What a writer Ann Patchett is. It seems I have not posted a review on this blog of the previous books of hers that I have read, which is an oversight that I can only explain by the extremely compelling yet intimate and personal feeling cultivated by Patchett in Commonwealth, State of Wonder, and now Bel Canto. With no introduction or excuse, we open in the Vice President’s residence in an unnamed Latin American country; poor, courting the CEO of a Japanese company by throwing him a birthday party where the entertainment is the guest of honour’s favourite opera singer. And then, sudden darkness. Kidnappers storm the party but their intended target, the President, has stayed home to watch his favourite soap.
And so, the kidnappers and kidnapees have to rapidly rethink their plans. The takeover settles into a siege bringing together the beautiful American opera diva, the Japanese CEO who is her biggest fan, his unassuming translator, and various other international bigwigs from France and Russia and such only there that evening to do their diplomatic duty for their country.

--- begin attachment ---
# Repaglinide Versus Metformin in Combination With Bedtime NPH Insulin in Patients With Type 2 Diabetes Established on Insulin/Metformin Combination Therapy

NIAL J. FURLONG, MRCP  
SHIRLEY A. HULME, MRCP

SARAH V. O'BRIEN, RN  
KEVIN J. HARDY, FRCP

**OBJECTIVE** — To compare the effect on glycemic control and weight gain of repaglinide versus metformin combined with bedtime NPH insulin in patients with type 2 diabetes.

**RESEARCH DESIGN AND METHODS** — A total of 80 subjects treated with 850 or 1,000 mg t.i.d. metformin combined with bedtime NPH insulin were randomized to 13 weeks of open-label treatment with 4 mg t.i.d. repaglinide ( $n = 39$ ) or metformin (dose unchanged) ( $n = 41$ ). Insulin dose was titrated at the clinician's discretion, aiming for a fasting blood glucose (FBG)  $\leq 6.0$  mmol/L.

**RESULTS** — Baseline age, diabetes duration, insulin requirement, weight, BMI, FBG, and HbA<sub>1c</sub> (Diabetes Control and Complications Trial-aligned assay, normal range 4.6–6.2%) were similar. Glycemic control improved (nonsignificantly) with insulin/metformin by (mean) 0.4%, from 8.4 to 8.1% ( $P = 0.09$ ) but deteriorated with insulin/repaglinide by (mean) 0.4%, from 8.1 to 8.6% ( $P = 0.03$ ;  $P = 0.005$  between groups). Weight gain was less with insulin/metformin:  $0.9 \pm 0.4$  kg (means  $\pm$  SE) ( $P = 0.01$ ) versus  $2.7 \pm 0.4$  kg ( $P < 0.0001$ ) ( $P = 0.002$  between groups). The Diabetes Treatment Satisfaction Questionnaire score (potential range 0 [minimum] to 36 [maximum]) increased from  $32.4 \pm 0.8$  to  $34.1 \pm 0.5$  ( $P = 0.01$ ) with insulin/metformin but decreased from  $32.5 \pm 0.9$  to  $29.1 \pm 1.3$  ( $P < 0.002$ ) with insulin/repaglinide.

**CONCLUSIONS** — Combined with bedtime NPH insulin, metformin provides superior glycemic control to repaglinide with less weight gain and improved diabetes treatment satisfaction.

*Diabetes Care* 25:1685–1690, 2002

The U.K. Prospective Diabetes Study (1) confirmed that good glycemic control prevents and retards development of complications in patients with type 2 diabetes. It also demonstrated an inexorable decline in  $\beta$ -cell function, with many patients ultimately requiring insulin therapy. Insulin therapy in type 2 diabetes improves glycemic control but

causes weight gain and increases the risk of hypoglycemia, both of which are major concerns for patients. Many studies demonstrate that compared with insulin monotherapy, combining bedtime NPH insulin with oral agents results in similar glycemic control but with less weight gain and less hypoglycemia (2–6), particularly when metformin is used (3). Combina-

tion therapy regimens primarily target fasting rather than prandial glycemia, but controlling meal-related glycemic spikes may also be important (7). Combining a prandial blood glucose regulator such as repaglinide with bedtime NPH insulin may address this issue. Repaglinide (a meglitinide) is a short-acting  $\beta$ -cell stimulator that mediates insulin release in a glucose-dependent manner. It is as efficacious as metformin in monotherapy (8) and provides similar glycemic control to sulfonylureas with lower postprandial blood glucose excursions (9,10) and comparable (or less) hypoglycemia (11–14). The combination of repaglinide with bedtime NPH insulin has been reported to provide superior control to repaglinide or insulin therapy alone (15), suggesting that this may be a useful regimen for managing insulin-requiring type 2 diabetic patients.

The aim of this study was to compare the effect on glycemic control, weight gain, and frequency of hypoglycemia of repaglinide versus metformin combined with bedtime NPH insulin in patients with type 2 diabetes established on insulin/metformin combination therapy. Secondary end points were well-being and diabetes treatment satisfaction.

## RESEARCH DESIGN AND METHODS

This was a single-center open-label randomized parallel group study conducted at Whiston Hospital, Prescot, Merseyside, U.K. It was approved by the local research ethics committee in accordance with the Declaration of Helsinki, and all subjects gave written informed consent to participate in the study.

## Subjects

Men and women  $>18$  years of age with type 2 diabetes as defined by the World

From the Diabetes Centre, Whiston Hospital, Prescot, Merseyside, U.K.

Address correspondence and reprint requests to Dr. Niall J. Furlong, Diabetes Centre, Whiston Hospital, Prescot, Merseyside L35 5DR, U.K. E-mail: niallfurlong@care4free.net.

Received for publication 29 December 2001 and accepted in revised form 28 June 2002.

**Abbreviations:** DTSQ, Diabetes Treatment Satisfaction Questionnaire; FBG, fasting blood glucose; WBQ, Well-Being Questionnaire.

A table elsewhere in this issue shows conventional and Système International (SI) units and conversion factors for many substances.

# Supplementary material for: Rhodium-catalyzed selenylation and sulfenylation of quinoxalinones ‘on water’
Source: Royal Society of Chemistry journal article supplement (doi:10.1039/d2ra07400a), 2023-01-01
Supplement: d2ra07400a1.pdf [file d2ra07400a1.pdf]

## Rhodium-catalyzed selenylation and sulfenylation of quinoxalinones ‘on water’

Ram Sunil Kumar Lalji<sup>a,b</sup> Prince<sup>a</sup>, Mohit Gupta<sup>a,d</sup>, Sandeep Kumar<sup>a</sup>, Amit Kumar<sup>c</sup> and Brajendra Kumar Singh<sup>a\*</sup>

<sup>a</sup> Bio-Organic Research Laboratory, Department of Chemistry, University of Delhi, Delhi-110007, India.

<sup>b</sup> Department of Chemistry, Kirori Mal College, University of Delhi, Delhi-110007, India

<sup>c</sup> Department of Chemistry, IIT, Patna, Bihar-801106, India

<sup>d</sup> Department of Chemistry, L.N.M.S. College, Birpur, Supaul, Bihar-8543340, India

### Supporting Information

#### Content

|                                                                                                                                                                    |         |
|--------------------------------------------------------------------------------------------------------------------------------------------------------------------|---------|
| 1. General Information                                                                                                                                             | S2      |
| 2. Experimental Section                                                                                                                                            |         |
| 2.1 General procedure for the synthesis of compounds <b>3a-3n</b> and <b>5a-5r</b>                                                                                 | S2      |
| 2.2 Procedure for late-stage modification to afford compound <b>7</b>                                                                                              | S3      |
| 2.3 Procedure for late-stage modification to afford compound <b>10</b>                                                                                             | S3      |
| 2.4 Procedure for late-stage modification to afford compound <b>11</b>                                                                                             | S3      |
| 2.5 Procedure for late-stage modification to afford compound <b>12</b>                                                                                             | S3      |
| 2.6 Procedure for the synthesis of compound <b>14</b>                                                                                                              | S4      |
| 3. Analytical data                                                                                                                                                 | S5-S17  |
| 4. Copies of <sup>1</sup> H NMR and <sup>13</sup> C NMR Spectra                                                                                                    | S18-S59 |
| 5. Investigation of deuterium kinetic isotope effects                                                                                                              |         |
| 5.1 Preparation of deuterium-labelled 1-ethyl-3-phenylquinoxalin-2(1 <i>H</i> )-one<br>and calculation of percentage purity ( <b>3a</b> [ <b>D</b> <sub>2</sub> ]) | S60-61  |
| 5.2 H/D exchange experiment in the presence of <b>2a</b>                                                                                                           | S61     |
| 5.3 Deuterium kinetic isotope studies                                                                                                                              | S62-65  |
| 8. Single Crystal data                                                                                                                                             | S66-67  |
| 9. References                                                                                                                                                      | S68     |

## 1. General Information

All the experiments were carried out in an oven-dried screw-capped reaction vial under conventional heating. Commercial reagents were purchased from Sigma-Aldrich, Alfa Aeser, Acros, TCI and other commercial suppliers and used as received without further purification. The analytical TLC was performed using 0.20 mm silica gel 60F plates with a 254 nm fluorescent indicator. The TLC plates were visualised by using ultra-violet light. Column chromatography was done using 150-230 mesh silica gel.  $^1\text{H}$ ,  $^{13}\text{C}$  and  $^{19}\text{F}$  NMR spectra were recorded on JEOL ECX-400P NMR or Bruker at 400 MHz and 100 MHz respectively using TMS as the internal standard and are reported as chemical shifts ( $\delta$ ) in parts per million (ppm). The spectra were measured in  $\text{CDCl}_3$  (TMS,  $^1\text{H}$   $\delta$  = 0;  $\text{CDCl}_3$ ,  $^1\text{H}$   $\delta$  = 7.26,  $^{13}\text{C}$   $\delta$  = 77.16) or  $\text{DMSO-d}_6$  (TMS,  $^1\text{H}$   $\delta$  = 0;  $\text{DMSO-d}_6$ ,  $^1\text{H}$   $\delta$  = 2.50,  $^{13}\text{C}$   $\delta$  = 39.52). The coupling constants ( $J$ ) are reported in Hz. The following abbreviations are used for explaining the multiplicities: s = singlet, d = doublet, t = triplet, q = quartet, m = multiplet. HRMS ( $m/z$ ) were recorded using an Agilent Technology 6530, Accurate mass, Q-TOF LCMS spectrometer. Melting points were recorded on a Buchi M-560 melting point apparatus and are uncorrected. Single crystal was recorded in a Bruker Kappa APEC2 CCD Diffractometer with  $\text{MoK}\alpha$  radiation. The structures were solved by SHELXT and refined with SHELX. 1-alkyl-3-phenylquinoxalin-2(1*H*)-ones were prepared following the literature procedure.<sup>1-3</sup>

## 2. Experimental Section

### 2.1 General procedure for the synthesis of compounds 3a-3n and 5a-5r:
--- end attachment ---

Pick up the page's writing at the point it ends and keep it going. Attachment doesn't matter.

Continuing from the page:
It is a bemusing, funny set up, but with a dark and threatening undercurrent. Patchett’s tone is almost quiet, bringing an immediate closeness with the characters and their stories. It is only later as the situation evolves that there is a brightness and broadening of scope, her tone lifts as the siege wears on. It is a very theatrical setting, as the story does not move from outside of the Vice President’s residence. At times it is claustrophobic: a wealthy residence in a poor country, no one can go outside, with poor, illiterate, dialect-speaking guards overseeing some of the most privileged people in their country.
And it is absorbing, too. There is an intimacy within these four walls, as Patchett’s narration shifts focus between the main characters we see an evolution not just of the situation but of the characters and their relationships forced into this unreal, timeless space of imprisonment.
“Mr. Hosokawa nodded. He spoke to her with great honesty, the kind two people use after a lifetime of knowing one another. But what was a lifetime? This afternoon? This evening? The kidnappers had reset the clocks and no one knew a thing about time anymore.”
In this world of unreality, Patchett has crafted the most believable and delightful characters. Her reveal is understated but definitive, stunning in what it shows. There is observational humour about this frankly silly situation, as well as deep meditations on the very human nature of desire and yearning. It was both delightful and engaging to dead.
Patchett writes with emotional tenderness and intelligent observation, generous and inventive. Bel Canto is a very cleverly paced, suspenseful novel, inventive in its set up and execution. I loved this odd, liberating novel.